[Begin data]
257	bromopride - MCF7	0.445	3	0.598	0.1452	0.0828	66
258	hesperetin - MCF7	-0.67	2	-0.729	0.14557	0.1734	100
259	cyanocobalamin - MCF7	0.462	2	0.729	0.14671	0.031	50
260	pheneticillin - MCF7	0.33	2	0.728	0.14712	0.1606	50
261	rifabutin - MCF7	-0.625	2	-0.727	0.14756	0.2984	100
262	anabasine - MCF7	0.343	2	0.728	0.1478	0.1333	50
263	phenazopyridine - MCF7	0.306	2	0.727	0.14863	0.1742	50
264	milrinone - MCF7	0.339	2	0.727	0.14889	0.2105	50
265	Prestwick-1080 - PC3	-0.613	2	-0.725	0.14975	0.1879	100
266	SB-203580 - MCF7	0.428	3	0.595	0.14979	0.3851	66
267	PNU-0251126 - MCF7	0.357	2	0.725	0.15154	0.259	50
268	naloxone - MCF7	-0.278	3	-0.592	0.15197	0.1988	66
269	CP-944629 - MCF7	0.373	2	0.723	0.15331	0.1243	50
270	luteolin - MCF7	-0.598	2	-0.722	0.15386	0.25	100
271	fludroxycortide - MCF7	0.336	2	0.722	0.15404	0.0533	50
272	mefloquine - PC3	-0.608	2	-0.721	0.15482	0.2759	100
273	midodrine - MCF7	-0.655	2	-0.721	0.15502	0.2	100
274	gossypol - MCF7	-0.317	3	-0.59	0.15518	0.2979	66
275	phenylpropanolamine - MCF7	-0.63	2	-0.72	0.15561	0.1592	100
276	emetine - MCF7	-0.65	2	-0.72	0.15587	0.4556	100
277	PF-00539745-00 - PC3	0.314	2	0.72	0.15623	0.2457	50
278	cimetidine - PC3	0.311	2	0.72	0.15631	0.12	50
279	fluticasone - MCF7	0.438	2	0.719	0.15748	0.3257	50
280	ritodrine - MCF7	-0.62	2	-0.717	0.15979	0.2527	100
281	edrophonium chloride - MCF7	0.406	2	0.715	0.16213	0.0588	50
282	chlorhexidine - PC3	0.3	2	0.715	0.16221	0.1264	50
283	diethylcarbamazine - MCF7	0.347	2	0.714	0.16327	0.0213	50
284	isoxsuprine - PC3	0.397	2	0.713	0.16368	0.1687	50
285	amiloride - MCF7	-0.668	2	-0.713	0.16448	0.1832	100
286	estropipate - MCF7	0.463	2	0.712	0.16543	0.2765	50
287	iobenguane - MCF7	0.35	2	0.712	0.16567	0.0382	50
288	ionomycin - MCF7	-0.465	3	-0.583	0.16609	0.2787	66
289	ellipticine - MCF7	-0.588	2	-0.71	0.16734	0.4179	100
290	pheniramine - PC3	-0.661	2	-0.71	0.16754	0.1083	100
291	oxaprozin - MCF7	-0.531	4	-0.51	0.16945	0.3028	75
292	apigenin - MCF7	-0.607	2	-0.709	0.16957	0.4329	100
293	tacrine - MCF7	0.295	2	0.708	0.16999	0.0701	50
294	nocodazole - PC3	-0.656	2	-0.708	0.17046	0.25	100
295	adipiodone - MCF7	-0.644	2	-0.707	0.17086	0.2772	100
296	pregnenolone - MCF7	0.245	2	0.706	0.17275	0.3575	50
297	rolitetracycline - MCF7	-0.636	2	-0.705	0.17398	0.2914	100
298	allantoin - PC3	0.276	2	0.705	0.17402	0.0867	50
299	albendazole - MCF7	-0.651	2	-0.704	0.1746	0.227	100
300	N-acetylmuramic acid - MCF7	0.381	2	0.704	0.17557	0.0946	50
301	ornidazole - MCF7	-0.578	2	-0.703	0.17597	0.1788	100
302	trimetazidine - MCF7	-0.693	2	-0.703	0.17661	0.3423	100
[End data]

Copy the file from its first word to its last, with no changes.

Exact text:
257	bromopride - MCF7	0.445	3	0.598	0.1452	0.0828	66
258	hesperetin - MCF7	-0.67	2	-0.729	0.14557	0.1734	100
259	cyanocobalamin - MCF7	0.462	2	0.729	0.14671	0.031	50
260	pheneticillin - MCF7	0.33	2	0.728	0.14712	0.1606	50
261	rifabutin - MCF7	-0.625	2	-0.727	0.14756	0.2984	100
262	anabasine - MCF7	0.343	2	0.728	0.1478	0.1333	50
263	phenazopyridine - MCF7	0.306	2	0.727	0.14863	0.1742	50
264	milrinone - MCF7	0.339	2	0.727	0.14889	0.2105	50
265	Prestwick-1080 - PC3	-0.613	2	-0.725	0.14975	0.1879	100
266	SB-203580 - MCF7	0.428	3	0.595	0.14979	0.3851	66
267	PNU-0251126 - MCF7	0.357	2	0.725	0.15154	0.259	50
268	naloxone - MCF7	-0.278	3	-0.592	0.15197	0.1988	66
269	CP-944629 - MCF7	0.373	2	0.723	0.15331	0.1243	50
270	luteolin - MCF7	-0.598	2	-0.722	0.15386	0.25	100
271	fludroxycortide - MCF7	0.336	2	0.722	0.15404	0.0533	50
272	mefloquine - PC3	-0.608	2	-0.721	0.15482	0.2759	100
273	midodrine - MCF7	-0.655	2	-0.721	0.15502	0.2	100
274	gossypol - MCF7	-0.317	3	-0.59	0.15518	0.2979	66
275	phenylpropanolamine - MCF7	-0.63	2	-0.72	0.15561	0.1592	100
276	emetine - MCF7	-0.65	2	-0.72	0.15587	0.4556	100
277	PF-00539745-00 - PC3	0.314	2	0.72	0.15623	0.2457	50
278	cimetidine - PC3	0.311	2	0.72	0.15631	0.12	50
279	fluticasone - MCF7	0.438	2	0.719	0.15748	0.3257	50
280	ritodrine - MCF7	-0.62	2	-0.717	0.15979	0.2527	100
281	edrophonium chloride - MCF7	0.406	2	0.715	0.16213	0.0588	50
282	chlorhexidine - PC3	0.3	2	0.715	0.16221	0.1264	50
283	diethylcarbamazine - MCF7	0.347	2	0.714	0.16327	0.0213	50
284	isoxsuprine - PC3	0.397	2	0.713	0.16368	0.1687	50
285	amiloride - MCF7	-0.668	2	-0.713	0.16448	0.1832	100
286	estropipate - MCF7	0.463	2	0.712	0.16543	0.2765	50
287	iobenguane - MCF7	0.35	2	0.712	0.16567	0.0382	50
288	ionomycin - MCF7	-0.465	3	-0.583	0.16609	0.2787	66
289	ellipticine - MCF7	-0.588	2	-0.71	0.16734	0.4179	100
290	pheniramine - PC3	-0.661	2	-0.71	0.16754	0.1083	100
291	oxaprozin - MCF7	-0.531	4	-0.51	0.16945	0.3028	75
292	apigenin - MCF7	-0.607	2	-0.709	0.16957	0.4329	100
293	tacrine - MCF7	0.295	2	0.708	0.16999	0.0701	50
294	nocodazole - PC3	-0.656	2	-0.708	0.17046	0.25	100
295	adipiodone - MCF7	-0.644	2	-0.707	0.17086	0.2772	100
296	pregnenolone - MCF7	0.245	2	0.706	0.17275	0.3575	50
297	rolitetracycline - MCF7	-0.636	2	-0.705	0.17398	0.2914	100
298	allantoin - PC3	0.276	2	0.705	0.17402	0.0867	50
299	albendazole - MCF7	-0.651	2	-0.704	0.1746	0.227	100
300	N-acetylmuramic acid - MCF7	0.381	2	0.704	0.17557	0.0946	50
301	ornidazole - MCF7	-0.578	2	-0.703	0.17597	0.1788	100
302	trimetazidine - MCF7	-0.693	2	-0.703	0.17661	0.3423	100